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How Exercise Helps

MS fatigue can make you feel like exercise is out of reach. But studies show regular physical activity can actually help you feel less tired over time. You can ease fatigue with many different types of exercise.

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Movement that makes your heart pump helps get oxygen to your muscles. That wakes up your body and mind. Aim for 150 minutes spread out over a week, and keep your pace comfortable. You should have enough breath to be able to talk as you walk.

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If you have issues that can make walking a challenge, head to the pool. Swimming gets your heart rate up without putting strain on your joints. Be sure the water is no warmer than 84 F so you don’t overheat.

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Aquatic Exercise

Water resistance makes aquatic exercises a great choice for working on your strength while helping you keep your balance. Water aerobics -- programs with floats you push under the water as “weights” -- help you stay cool while you move.

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It not only helps with flexibility, yoga also focuses on breathing, which can relax both your body and mind. You can do yoga lying down, sitting in a wheelchair, standing, or in whichever position works best for you. 

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Stationary Cardio

You can get your heart rate up while staying in one spot. In addition to stationary bikes, elliptical machines, and rowing machines, there are also aerobic exercises you can do from a seated position in a chair like shadow boxing. Your doctor or your physical therapist can give you some ideas.

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You may move well enough to ride a bike as you always have. If not, a recumbent bike is another option for riding outside. Recumbent bikes have three wheels and are lower to the ground so there's less of a chance that you'll fall. They cradle your body in a leaned back position and you need less balance and coordination as you pedal. 

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Strength Training

You might picture big barbells when you think of strength training. But you can build muscle with many other tools, like elastic bands or even your own body weight. Getting stronger can help parts of your brain connect better. That can help ward off MS-related fatigue.

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Pilates mixes strength moves and stretches for a gentle whole body workout. Like yoga, you can modify most Pilates moves for any position or level of mobility. Talk with your doctor or physical therapist about how Pilates can help you.

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Tai Chi

This Chinese martial art helps you “actively relax.” You perform a set of slow motions that promote balance, breathing, relaxation, and body awareness. Research suggests that tai chi can help you have less fatigue than people with MS who don't practice it. It can also improve balance and coordination, and help fend off depression.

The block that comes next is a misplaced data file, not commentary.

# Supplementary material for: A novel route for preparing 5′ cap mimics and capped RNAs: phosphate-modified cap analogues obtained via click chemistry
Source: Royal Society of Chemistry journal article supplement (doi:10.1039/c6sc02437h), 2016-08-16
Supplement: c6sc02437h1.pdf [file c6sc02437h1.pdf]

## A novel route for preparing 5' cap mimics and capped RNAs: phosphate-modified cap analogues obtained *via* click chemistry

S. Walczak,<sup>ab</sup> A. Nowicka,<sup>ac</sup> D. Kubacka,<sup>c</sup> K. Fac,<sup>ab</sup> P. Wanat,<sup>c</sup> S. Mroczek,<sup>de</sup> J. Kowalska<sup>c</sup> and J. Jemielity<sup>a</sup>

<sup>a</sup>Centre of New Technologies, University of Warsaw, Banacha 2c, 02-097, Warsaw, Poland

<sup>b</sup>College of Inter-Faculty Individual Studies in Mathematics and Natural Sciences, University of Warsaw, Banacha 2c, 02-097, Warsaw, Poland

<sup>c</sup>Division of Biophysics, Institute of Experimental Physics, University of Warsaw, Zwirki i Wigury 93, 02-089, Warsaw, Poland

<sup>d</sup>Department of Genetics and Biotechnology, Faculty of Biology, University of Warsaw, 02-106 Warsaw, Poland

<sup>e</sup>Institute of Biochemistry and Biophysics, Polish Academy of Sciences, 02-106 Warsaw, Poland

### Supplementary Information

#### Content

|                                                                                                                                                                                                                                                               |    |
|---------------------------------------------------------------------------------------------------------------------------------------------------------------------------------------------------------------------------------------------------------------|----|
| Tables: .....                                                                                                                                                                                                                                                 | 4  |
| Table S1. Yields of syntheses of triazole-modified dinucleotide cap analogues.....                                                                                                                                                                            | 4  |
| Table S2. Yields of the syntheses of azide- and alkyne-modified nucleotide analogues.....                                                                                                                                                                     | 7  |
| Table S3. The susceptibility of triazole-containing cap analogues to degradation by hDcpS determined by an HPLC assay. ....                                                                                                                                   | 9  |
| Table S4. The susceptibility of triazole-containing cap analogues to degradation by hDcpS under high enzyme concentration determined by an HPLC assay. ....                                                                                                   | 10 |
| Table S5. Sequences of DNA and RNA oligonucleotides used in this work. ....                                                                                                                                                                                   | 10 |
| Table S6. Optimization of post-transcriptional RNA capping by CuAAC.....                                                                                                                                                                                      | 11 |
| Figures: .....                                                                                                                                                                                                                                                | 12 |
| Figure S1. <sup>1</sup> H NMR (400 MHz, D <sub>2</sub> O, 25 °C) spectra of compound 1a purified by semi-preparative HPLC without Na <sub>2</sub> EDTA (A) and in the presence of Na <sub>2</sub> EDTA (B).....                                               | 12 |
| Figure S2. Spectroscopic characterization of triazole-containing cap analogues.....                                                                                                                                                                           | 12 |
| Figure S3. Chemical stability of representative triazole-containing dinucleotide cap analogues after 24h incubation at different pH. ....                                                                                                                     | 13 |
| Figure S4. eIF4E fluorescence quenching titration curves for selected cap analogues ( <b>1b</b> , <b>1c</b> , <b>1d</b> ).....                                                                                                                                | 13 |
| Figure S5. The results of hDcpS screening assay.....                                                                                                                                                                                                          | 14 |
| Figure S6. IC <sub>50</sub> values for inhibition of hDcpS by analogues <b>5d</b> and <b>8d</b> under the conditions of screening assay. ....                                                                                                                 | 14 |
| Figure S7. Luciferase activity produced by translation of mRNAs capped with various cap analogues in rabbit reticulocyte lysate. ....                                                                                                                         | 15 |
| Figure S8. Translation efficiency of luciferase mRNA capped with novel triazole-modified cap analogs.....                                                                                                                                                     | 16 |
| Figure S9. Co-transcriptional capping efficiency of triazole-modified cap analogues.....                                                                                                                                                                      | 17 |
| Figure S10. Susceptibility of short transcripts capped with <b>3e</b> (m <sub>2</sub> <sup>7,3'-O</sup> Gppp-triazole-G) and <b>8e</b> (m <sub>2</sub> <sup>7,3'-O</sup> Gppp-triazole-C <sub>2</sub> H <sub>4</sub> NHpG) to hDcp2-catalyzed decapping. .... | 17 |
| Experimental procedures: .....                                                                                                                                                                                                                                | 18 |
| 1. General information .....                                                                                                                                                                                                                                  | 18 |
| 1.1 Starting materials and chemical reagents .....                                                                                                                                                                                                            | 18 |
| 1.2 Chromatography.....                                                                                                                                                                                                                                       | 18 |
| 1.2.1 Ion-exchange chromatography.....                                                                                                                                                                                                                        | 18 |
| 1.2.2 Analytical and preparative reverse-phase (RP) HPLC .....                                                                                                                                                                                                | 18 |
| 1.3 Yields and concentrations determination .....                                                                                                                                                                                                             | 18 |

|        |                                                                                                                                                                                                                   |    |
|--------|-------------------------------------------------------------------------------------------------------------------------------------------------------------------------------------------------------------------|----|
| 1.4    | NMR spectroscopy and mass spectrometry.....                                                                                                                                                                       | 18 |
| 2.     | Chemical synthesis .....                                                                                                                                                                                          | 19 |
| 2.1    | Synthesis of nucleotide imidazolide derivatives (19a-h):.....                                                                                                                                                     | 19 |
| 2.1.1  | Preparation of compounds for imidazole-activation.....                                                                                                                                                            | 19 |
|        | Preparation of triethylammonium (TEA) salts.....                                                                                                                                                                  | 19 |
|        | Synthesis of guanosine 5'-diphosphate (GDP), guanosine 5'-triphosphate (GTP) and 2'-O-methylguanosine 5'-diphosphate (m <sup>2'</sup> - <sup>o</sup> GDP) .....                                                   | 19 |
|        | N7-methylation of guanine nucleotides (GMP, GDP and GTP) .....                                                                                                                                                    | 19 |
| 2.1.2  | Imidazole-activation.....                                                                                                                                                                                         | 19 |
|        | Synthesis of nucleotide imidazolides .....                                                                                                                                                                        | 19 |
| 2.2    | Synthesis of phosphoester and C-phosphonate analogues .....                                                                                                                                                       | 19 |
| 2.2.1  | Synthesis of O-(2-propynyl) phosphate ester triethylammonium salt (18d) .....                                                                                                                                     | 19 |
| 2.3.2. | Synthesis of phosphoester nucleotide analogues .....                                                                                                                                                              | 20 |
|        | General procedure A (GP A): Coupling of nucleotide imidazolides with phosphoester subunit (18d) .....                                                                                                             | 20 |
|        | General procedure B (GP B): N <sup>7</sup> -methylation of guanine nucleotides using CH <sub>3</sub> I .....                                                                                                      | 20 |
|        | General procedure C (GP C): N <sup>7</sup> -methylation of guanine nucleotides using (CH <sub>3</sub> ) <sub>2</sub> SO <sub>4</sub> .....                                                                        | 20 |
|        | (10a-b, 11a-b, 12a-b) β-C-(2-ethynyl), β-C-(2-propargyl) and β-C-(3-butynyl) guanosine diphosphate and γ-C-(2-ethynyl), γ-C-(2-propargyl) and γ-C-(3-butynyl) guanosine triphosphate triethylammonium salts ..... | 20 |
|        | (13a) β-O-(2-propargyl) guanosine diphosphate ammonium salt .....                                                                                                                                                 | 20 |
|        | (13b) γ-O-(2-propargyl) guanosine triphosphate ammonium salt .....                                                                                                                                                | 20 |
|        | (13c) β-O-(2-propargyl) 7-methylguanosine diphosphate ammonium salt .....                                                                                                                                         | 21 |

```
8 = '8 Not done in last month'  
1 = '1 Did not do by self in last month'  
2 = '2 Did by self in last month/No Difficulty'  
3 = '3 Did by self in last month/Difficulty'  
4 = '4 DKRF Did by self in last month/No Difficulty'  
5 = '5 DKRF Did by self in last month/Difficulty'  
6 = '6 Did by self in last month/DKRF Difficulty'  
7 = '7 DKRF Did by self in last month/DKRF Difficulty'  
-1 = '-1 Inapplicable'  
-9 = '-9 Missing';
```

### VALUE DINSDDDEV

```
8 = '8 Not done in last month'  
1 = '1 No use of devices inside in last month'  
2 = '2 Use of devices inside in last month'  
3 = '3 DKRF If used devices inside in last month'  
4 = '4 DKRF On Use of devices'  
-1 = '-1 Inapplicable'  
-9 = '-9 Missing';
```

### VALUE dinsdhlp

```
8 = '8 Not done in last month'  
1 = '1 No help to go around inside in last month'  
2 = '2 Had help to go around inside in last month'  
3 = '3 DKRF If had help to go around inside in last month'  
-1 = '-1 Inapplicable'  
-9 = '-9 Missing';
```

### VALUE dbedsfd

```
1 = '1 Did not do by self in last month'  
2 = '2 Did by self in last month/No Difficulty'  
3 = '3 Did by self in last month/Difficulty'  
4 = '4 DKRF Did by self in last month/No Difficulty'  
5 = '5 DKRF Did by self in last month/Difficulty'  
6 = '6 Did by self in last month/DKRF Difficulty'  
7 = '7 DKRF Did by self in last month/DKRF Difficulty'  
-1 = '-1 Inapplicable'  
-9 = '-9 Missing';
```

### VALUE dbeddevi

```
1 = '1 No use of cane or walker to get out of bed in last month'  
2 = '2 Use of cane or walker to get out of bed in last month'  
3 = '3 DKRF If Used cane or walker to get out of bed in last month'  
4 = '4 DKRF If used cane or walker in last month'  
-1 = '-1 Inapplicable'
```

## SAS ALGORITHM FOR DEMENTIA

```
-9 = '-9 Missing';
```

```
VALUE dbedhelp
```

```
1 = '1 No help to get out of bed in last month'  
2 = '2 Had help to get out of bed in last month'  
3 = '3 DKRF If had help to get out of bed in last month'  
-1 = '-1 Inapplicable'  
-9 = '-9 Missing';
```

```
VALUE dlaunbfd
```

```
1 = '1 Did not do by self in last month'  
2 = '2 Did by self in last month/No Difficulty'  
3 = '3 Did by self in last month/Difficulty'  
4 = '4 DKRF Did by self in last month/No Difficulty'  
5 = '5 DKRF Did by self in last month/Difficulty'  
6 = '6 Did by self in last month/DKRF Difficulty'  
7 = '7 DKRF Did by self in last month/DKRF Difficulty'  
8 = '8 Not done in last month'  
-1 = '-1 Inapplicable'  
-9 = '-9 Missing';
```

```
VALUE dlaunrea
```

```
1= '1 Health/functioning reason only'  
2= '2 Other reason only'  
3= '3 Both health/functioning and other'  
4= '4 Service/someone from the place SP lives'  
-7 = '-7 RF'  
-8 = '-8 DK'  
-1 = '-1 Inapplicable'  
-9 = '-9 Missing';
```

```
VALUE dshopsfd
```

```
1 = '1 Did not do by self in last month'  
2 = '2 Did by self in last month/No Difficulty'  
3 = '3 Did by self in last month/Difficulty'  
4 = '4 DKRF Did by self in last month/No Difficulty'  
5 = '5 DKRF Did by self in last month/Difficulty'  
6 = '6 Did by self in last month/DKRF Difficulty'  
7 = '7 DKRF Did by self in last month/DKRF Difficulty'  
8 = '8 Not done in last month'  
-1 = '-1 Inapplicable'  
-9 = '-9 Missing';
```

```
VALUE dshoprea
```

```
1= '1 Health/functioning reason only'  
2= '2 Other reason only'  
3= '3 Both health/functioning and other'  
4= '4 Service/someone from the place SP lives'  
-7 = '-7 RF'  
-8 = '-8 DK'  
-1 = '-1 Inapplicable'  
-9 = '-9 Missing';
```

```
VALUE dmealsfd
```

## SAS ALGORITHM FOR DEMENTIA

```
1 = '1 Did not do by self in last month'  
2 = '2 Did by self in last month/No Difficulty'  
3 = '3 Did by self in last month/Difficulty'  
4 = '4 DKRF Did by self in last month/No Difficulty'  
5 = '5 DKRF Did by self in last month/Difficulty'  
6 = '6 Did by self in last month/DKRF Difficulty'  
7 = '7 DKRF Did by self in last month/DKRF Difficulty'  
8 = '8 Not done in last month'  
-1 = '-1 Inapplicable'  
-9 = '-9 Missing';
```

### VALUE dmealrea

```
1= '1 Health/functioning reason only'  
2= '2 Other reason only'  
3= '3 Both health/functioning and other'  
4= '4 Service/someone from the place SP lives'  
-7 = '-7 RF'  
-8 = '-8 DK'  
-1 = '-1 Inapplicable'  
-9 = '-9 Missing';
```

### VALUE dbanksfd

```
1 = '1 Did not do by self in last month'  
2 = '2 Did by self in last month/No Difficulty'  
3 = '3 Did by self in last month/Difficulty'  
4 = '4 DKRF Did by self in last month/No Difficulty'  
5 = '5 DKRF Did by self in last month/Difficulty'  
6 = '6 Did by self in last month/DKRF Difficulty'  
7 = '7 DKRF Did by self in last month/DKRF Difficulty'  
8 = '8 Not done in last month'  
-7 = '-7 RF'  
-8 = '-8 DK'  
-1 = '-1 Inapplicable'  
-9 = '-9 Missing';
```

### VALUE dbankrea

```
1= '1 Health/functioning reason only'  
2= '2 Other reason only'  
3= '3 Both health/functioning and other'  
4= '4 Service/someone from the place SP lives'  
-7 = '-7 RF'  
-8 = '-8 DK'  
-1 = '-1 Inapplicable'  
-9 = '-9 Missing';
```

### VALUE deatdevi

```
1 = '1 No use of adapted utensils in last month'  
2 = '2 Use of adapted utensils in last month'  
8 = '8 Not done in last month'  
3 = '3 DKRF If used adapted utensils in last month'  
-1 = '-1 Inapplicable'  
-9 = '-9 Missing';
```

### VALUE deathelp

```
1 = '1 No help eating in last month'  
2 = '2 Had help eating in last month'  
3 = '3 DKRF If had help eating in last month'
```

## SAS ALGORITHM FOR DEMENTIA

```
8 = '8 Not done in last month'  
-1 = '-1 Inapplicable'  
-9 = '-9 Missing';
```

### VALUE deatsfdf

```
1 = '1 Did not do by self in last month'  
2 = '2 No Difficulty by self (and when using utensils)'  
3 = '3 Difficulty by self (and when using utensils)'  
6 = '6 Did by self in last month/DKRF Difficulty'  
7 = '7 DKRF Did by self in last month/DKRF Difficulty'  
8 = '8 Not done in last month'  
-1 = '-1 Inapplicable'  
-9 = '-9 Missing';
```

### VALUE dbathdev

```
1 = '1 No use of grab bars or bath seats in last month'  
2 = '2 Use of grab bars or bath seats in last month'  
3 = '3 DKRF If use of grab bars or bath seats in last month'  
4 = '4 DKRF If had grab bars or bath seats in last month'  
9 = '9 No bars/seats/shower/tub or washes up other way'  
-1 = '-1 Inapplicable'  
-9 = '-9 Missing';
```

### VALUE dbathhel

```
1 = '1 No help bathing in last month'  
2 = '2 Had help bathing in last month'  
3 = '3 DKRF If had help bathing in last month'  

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Daily Activities

Physical activity comes in all kinds of forms. Walking your dog, doing chores around the house, gardening, or dancing to your favorite tunes are all ways to get your body in motion. Seek out easy and enjoyable ways to fit more movement into your day to fight fatigue. Your doctor or physical therapist can help you find some.

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Tips for Safe Exercise

Always check with your doctor before adding a new activity to your routine. As your body warms up with movement, your MS symptoms can get worse. So it's important to keep cool. Have water on hand, use a fan, or wear a cooling device. Above all, listen to your body and know your limits so you don’t overdo it.

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Sources | Medically Reviewed on 12/08/2020 Reviewed by Michael W. Smith, MD on December 08, 2020


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BMC Neurology: “The impact of physical exercise on the fatigue symptoms in patients with multiple sclerosis: a systematic review and meta-analysis.”

Penn Medicine: “Multiple Sclerosis and Exercise: Why MS Patients Should Stay Active.”

National Multiple Sclerosis Society: “Exercise,” “Aquatic Exercise Programming

for People with Multiple Sclerosis,” “Yoga and MS,” “Benefits of an Exercise Program,” “Accessible Bicycling,” “Adaptive Tai Chi.”

Multiple Sclerosis Trust: “Staying active with MS.”

MS Society: “Pilates for MS.”

Mayo Clinic: “Exercise and multiple sclerosis.”

Johns Hopkins Home Care Group: "5 Tips to Better Wheelchair Exercise for a Healthy Heart."

Reviewed by Michael W. Smith, MD on December 08, 2020

This tool does not provide medical advice. See additional information.

THIS TOOL DOES NOT PROVIDE MEDICAL ADVICE. It is intended for general informational purposes only and does not address individual circumstances. It is not a substitute for professional medical advice, diagnosis or treatment and should not be relied on to make decisions about your health. Never ignore professional medical advice in seeking treatment because of something you have read on the WebMD Site. If you think you may have a medical emergency, immediately call your doctor or dial 911.

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